Will Medvedev prevail? With the murders of journalist Anna Politovskaya, human-rights lawyer Stanislav Markelov, Chechen human-rights activist Natalya Estemirova, and many others like them having gone unsolved in Russia, profound questions have arisen as to whether the rule of law carries any meaning there. President Dmitry Medvedev has spoken frequently of the need for an independent judiciary, less concentrated power, and more competitive elections; he even vetoed a proposed law that would have restricted antigovernment demonstrations. But until those responsible for attacks on human-rights defenders are brought to justice, his sentiments, benign as they appear, can only be interpreted as reflecting duplicity or powerlessness. If the former, Medvedev deserves to be replaced when his term of office ends in 2012; if the latter, he will be.
Will Aung San Suu Kyi stay free? There is no greater human-rights heroine in the world today than the leader of the democracy movement in [Myanmar]. Suu Kyi is currently engaged in a complicated chess game with the Burmese generals and some of her own supporters to determine the best strategy to employ against Southeast Asia's most brutal regime. She has, for instance, recently rolled back her call for sanctions against the state. The stakes are high — not just her freedom but Burma's too.
Lots of other stories deserve attention too: Will Venezuela slip further into autocracy? Will the US ever figure out what to do with the Guantanamo prisoners? But how these five play out will have profound implications for the future of human rights and, not incidentally, for tens of millions of people. Stay tuned.
Submitted by Gretchen Alther. on Thu, 01/06/2011 - 8:38am.
The Watan card.
Imagine you're a peasant farmer in rural Pakistan and massive floods have destroyed your modest mud-brick home, devastated your crops, and carried away all of your possessions. If you were lucky, you spent a few months in a camp where aid agencies provided a place to sleep and basic meals. Now you've returned home — perhaps with a tent and some blankets, but maybe not — and you're trying to find a way to feed your family and rebuild your life.
A rapid infusion of cash right now could be very helpful. Then you could prioritize and get the things you most need: maybe some seeds, food, blankets, perhaps some medicine.
This is the basic idea behind the prepaid debit cards, called Watan ("homeland" in Urdu) cards, issued by the Pakistan government to people living in flood-affected areas. This system is intended to deliver much-needed support directly to flood survivors, ensuring speed and transparency. The cards initially are charged with 20,000 Pakistani rupees (about US$230). Additional installments will be made, though it's unclear when and how much.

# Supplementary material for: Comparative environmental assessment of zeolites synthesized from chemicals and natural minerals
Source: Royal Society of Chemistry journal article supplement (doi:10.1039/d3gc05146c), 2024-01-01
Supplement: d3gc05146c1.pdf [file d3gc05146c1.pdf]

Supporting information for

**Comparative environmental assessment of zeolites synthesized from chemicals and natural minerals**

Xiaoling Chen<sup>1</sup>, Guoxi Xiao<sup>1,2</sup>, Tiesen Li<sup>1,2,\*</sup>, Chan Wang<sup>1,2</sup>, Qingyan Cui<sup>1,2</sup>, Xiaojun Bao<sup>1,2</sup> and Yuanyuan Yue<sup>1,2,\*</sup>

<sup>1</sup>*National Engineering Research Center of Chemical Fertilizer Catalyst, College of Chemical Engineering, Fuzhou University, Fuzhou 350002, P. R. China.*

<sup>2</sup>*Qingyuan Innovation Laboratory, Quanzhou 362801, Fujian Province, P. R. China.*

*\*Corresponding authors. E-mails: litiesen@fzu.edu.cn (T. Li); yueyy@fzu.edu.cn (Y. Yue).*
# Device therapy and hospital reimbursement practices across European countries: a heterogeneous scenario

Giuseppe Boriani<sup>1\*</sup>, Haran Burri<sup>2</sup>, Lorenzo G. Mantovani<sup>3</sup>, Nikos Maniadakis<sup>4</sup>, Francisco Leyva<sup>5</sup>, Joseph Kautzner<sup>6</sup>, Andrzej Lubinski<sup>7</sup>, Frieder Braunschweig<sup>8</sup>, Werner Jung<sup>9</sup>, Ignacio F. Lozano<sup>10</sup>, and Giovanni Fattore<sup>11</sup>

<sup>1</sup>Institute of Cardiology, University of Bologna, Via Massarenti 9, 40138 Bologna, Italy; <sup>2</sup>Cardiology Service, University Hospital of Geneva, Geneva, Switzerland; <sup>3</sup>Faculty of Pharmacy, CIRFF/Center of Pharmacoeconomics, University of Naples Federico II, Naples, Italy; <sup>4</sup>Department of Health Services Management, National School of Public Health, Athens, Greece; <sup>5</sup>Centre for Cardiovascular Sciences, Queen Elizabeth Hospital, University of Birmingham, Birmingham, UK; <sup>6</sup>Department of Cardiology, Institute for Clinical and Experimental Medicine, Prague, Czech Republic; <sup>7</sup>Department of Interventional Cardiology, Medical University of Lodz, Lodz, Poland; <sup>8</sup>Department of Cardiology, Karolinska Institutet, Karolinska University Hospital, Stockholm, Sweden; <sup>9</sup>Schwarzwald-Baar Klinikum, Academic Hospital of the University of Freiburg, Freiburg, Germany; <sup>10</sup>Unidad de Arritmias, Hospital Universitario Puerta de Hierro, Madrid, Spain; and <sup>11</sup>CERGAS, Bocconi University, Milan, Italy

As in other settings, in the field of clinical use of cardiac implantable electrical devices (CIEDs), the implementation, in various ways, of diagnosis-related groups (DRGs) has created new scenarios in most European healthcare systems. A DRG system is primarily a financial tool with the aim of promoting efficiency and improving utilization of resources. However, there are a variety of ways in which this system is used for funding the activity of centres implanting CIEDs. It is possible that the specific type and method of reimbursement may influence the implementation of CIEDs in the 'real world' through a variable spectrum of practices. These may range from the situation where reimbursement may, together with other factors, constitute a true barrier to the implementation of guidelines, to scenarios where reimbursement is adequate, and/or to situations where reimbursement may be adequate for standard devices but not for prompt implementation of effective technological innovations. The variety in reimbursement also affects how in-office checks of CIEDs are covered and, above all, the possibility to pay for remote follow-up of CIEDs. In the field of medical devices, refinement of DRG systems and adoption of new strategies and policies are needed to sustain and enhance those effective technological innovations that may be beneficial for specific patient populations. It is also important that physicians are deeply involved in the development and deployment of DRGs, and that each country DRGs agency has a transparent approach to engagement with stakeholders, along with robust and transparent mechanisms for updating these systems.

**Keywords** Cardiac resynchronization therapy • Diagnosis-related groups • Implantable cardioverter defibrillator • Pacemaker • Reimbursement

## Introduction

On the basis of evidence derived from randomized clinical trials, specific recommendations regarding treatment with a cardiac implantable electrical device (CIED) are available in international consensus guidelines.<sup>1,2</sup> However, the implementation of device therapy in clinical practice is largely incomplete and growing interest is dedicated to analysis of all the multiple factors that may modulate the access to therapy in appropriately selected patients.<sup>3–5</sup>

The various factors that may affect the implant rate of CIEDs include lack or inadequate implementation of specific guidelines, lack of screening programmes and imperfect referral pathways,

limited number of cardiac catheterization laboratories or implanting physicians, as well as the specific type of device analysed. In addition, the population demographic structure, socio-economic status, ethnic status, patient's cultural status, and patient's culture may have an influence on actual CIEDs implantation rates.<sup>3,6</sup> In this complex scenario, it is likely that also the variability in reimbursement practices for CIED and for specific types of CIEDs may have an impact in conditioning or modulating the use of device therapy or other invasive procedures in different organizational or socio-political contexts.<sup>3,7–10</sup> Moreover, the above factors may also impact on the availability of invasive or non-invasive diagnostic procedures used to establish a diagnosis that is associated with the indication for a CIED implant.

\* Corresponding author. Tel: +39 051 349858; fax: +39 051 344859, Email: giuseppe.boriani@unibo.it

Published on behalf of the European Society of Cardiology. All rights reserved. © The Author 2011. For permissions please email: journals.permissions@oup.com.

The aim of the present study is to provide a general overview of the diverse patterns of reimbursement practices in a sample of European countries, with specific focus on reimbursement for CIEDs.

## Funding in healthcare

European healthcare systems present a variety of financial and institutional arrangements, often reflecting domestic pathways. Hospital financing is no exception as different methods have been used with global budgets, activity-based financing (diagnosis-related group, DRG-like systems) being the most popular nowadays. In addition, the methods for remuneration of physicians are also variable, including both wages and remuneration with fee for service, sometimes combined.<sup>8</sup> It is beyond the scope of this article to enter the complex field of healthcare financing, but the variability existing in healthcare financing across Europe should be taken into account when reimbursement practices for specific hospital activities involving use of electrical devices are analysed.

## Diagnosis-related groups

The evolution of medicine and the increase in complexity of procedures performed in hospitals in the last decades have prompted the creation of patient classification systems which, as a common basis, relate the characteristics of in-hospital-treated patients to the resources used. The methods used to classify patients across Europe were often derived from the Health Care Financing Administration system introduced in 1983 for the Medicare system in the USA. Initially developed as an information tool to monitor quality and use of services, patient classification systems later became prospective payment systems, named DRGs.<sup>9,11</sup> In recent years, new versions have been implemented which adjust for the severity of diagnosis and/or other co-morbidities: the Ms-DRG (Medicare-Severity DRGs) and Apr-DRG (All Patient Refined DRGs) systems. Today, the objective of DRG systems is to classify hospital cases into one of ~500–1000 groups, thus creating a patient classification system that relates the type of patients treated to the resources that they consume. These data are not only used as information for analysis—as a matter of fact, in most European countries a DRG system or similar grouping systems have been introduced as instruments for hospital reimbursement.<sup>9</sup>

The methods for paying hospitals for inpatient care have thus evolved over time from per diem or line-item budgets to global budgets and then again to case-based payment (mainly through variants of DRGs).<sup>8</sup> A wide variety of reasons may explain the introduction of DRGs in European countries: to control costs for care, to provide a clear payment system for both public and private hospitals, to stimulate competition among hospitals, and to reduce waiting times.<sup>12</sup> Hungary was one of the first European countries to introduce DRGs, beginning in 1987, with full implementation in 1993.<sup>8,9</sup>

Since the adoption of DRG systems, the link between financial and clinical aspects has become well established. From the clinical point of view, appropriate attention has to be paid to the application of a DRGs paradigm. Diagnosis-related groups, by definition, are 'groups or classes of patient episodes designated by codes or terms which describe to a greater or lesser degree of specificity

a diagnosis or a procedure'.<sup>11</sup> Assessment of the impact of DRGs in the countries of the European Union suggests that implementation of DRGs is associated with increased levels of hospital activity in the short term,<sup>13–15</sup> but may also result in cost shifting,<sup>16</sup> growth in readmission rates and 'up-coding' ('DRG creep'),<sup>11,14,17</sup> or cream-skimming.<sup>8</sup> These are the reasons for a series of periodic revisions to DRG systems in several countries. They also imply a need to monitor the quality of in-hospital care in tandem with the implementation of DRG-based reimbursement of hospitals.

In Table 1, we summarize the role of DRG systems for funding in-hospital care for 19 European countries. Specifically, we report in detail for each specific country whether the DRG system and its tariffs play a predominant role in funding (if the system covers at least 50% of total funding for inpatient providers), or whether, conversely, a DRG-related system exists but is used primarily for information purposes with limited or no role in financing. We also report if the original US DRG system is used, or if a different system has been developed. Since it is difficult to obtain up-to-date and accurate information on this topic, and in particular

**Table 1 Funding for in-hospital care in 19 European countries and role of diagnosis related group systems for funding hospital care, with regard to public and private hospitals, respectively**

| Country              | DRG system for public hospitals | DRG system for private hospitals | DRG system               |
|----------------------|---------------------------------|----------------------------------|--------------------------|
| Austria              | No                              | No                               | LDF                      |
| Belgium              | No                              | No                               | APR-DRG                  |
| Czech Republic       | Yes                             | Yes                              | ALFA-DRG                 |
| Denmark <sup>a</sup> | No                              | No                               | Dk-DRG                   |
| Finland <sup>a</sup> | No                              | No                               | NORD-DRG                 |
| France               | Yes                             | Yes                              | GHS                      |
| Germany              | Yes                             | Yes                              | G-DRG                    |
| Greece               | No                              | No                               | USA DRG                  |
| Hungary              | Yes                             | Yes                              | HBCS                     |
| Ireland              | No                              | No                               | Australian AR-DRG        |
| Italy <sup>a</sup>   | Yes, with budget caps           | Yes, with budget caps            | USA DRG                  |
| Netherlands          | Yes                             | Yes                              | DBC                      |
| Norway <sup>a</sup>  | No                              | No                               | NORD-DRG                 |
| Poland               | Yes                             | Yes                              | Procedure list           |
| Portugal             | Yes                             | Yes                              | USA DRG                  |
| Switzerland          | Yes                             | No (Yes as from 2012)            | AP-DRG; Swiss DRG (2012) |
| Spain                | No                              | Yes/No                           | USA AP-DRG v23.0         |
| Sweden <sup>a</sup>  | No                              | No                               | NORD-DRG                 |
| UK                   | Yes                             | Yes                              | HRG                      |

Because your residency is registered in the government's database, you're eligible for a Watan card. You get this card, but no one explains the system to you. Like the majority of people you know, you've never learned to read, and you probably don't have a bank account. You don't need an account to use your card, but it means you've never used an ATM — and those require reading skills. Furthermore, ATMs are few and far between in rural Pakistan — you'll have to go to a large town to find one, and then you'll have to ask someone to help you. Hopefully, you'll find a person who'll explain the Watan card to you, help you withdraw the full amount, and then tell you to keep your card for when the next installment is made.
But perhaps you'll come up against the kind of thing we heard stories about on our recent assessment visit to Pakistan: people helping survivors withdraw cash for a fee, people buying cards from uninformed survivors, people keeping survivors' "used" cards, and landowners demanding cards or cash from tenant farmers.
Or maybe you're a survivor of the floods, but you're originally from somewhere else and you never registered your new residency with the government. In this case, you're likely out of luck. The process for establishing your residency after the fact is unclear and arduous at best. Or perhaps your husband was registered — you were not — and he has since passed away. You, also, are likely out of luck. And if you're an Afghan refugee who's home in Pakistan was destroyed in the floods? Sorry, you were never able to get on the list in the first place.
The Pakistan government is aware of the problems with the Watan cards, and surely some officials are trying to overcome the enormous system challenges. No doubt, for some people, Watan cards are making a critical difference. But for many, at best, they're frustrating and confusing, and at worst, they're actually pushing people further away from recovery. UUSC is working with local organizations in Pakistan to help those survivors who are at risk of being pushed further down the ladder of recovery because of gender, class/caste, religion, nationality, and geography. Help us help by supporting our Pakistan flood relief efforts.
UUSC's Rights in Humanitarian Crises team — Martha Thompson and Gretchen Alther — visited flood-affected areas of Pakistan in December. Check back for forthcoming blog posts and updates.